It was a great morning.

We went to a pre-Easter service that afternoon. A friend asked about the race and when I told him about the divided events he replied, “Oh, that’s not a real triathlon.”

Ouch.

Now I know my friend didn’t mean any harm with his words. They didn’t hurt my feelings – but the did steal my joy. A healthy joy that I was, well…enjoying. I have been sidelined for the past few years due to three knee surgeries and I was excited to participate in a race again.

It made me wonder how many times that I may have spoken without thinking and may have robbed someone else of his or her joy.

Words have the power to both give and steal joy. I’m going to work harder to speak words that give instead of taking away.

Has their been a time when words of others gave or stole you joy?

Apr
03

Do You Flee From Pain or Face It?

Pain is something I work hard to avoid. It hurts and seem only a negative. A pain in my legs after exercise means an injury. A scratchy throat is the beginning of an illness. A broken heart represents losing at love.

Even though pain is not fun, there’s positive that can come out of it. The pain in my leg is my body adjusting to a new workout that’s making me stronger. The scratchy throat is due to long phone conversation with my loving mother. And the broken heart was God’s separating me from a bad choice until the right one came along.

My survival instinct many times causes me to flee pain.

Growing up adults repeatedly shared the famous quote, “When the going get tough, the tough get going.” However, the only “get going” I wanted to do was away from the pain.

We live in a hurting world and the pain many of us face can be overwhelming.

Not long ago I saw an interview with J.K. Rowling, the author of Harry Potter. She talked about her mother’s death and the pain involved. She was extremely close to her mother. However, the pain she felt from losing her mother helped her fully capture Harry’s character. She was able grasp the pain he felt of not having a family.

Many charities were founded out of pain. Great works or art were created from pain. Scientific discoveries were motivated out of pain.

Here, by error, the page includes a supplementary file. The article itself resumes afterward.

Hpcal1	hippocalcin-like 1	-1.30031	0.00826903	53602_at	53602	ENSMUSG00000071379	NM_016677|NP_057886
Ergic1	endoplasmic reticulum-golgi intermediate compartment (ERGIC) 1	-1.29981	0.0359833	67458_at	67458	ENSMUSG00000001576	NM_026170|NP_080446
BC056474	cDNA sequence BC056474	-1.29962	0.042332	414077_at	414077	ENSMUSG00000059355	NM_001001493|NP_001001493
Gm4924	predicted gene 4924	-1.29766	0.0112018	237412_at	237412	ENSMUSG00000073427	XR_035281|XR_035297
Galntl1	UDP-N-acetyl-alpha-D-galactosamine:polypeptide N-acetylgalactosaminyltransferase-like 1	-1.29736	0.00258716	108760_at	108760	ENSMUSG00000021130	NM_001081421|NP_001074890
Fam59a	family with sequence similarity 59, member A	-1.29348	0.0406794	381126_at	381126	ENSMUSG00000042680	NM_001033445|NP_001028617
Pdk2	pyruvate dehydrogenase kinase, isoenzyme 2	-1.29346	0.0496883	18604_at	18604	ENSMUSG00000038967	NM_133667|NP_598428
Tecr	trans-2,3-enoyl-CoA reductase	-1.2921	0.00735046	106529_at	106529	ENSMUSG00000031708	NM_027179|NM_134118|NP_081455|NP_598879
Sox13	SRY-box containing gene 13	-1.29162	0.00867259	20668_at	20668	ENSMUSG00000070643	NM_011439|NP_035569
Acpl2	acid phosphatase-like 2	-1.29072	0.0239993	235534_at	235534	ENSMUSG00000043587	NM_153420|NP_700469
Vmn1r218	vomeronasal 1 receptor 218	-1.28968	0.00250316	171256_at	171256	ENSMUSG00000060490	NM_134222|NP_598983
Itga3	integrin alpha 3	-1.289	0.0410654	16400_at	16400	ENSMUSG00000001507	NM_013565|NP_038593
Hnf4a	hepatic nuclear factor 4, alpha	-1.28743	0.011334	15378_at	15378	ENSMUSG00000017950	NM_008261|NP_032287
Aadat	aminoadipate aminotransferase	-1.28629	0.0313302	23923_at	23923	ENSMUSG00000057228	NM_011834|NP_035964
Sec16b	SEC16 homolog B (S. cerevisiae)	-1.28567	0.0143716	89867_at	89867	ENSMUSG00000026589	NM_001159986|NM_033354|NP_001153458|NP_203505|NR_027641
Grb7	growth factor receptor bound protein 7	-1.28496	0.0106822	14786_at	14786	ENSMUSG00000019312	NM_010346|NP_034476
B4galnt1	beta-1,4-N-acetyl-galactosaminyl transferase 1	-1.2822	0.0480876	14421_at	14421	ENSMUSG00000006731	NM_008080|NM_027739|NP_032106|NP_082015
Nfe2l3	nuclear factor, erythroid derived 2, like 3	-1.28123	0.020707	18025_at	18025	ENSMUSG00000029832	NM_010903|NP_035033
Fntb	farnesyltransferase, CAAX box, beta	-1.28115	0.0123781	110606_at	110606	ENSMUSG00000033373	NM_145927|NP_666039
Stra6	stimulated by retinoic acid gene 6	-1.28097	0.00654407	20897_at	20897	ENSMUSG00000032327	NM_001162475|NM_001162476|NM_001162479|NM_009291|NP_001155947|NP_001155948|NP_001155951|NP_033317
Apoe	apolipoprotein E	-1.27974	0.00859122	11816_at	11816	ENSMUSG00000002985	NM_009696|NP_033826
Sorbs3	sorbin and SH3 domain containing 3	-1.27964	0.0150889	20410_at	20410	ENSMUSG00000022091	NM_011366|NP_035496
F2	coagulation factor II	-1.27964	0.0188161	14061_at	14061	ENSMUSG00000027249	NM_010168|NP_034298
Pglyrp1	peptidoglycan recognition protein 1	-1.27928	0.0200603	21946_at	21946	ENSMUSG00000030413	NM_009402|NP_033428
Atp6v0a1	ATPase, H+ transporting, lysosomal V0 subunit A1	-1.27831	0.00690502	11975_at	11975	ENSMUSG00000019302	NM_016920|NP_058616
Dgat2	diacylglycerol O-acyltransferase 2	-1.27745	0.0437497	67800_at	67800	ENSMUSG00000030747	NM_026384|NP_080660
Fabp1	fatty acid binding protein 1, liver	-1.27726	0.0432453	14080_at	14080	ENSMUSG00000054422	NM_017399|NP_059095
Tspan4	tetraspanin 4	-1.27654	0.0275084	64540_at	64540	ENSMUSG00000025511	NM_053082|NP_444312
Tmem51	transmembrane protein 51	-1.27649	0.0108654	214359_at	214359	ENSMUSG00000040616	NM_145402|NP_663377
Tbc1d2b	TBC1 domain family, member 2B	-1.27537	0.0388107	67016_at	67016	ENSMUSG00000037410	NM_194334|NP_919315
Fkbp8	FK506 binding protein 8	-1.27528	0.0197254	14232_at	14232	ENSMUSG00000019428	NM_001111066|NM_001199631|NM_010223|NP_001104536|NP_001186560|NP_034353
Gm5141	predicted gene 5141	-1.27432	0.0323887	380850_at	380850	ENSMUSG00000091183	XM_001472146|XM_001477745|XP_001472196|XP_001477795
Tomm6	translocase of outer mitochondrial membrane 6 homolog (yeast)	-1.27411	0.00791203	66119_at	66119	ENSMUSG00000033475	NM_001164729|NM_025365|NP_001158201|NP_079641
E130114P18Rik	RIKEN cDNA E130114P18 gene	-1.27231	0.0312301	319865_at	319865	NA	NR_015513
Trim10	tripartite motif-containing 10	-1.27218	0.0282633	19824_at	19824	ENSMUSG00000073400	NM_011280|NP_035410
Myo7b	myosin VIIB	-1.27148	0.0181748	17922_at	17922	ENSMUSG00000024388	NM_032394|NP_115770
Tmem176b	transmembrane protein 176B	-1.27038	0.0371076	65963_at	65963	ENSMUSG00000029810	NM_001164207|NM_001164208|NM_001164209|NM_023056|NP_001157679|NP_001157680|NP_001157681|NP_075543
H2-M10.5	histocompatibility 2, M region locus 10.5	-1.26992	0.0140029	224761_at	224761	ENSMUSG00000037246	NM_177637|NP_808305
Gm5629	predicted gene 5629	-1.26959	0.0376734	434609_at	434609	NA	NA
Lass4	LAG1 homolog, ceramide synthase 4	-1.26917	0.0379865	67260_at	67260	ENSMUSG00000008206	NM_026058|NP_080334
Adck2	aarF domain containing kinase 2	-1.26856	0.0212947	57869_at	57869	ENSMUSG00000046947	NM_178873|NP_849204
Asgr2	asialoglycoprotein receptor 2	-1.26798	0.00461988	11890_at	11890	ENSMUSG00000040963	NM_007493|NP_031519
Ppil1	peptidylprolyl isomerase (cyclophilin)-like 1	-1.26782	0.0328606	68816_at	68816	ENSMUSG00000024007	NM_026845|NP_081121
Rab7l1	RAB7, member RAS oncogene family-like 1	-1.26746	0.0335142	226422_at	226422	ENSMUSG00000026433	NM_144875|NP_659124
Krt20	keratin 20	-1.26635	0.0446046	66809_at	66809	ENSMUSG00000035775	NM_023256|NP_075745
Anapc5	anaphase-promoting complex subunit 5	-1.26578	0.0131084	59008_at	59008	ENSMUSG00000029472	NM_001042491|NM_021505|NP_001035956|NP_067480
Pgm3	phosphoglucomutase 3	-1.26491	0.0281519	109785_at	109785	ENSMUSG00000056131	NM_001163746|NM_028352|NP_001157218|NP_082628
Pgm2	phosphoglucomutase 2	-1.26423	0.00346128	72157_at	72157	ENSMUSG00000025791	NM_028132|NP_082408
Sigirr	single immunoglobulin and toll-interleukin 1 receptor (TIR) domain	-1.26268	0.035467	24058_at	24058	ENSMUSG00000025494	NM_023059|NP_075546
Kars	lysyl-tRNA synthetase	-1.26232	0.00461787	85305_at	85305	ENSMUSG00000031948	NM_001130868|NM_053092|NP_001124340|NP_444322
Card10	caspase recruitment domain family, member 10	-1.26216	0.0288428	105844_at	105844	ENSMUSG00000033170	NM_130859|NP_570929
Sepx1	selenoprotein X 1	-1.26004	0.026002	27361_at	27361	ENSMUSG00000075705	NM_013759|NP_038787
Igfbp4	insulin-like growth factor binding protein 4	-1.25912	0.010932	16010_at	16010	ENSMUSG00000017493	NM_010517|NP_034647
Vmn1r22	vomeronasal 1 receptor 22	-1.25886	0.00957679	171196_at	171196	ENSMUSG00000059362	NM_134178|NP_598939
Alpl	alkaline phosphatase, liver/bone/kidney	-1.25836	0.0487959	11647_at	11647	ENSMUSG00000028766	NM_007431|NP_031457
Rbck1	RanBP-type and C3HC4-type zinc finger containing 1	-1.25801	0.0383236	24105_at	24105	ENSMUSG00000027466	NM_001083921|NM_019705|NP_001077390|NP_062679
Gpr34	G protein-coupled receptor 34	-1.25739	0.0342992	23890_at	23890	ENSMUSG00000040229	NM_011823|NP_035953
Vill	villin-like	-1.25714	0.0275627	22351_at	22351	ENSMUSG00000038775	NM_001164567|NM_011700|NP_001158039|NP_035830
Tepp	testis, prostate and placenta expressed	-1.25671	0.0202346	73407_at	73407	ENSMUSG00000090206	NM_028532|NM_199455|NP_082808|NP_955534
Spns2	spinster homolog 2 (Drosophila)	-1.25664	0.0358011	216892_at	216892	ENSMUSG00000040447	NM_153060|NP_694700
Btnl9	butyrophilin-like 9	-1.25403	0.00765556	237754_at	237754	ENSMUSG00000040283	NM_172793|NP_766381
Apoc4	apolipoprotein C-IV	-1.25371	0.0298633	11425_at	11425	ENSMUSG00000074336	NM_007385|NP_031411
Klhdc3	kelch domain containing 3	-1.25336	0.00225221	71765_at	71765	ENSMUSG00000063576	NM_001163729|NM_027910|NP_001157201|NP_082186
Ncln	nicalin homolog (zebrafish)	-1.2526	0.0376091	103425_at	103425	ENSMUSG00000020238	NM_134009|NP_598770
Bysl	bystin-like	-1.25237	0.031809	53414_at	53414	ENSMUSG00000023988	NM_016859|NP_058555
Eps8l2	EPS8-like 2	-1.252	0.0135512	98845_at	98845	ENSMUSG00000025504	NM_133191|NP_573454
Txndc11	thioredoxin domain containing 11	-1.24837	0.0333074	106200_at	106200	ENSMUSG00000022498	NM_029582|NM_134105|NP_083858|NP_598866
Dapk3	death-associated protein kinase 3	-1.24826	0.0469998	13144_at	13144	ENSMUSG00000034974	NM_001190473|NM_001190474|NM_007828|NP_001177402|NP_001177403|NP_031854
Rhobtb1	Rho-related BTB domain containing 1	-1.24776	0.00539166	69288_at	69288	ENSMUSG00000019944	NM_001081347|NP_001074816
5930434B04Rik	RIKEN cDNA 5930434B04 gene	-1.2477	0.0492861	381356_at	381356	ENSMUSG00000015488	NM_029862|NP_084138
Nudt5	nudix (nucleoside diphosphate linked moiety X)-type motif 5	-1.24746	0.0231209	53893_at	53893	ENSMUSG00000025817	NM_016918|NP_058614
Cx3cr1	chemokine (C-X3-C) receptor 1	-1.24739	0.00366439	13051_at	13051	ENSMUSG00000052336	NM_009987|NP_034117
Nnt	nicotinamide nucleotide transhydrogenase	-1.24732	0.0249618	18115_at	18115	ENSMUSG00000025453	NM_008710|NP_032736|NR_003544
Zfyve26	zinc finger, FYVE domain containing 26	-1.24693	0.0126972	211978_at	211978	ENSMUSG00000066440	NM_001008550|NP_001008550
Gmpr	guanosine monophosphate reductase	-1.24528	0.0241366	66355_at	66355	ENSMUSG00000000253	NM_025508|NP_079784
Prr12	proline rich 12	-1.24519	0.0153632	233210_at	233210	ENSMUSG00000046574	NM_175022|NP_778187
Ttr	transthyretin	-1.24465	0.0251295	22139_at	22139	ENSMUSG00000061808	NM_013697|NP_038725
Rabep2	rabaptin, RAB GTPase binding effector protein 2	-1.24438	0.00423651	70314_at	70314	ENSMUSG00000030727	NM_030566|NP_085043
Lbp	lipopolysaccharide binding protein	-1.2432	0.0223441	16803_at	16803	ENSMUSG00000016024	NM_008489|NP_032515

If we consistently flee pain instead of facing it, we miss out on a lot.

 

Facing pain – Awakens our souls to a deeper part of our being that has been touched by God. If we don’t go there, we miss God’s touch and seeing more of Him.

Fleeing pain– Closes up a wound faster but it leaves a scar on our heart that is numb. It prevents us from fully feeling love and life.

Facing pain – Initially breaks us down but after rest and healing we come back stronger, filled with wisdom.

Fleeing pain – Wears us down. When we flee, we are alone. When we are alone, there is no one around to help hold our arms up.

Facing pain – In time we become a source of healing for others. We can use our strength and pass it forward to others.

Fleeing pain – Stunts our growth and we become a burden. Insecurities develop and if we’re not careful, we pass it on to the next generation.

There are levels of pain that make it easier to face some over others. There is no formula to ease the process but there is a loving God who has experienced pain.

He was a refugee, poor. Maybe He carried the burdened of knowing thousands of babies were murdered because of his birth. He was betrayed. Single. Falsely accused. Spat upon. Beaten and treated like a thief.

Jesus lived in constant tension while here on earth. But, He didn’t flee. He was tempted to but instead of running He went to a garden, got on His knees and went face to face with God. And when He was done, He had the strength to not only face it pain that was ahead but to endure it.

He paid it forward to us. Because He faced His pain we can rest assured that one day our pain will be removed.

When we face God on our knees, He will carry our burdens and we can face anything.

How are you doing?

Are you fleeing your pain for facing it?

Maybe it’s time to go face to face with God in the midst of your pain.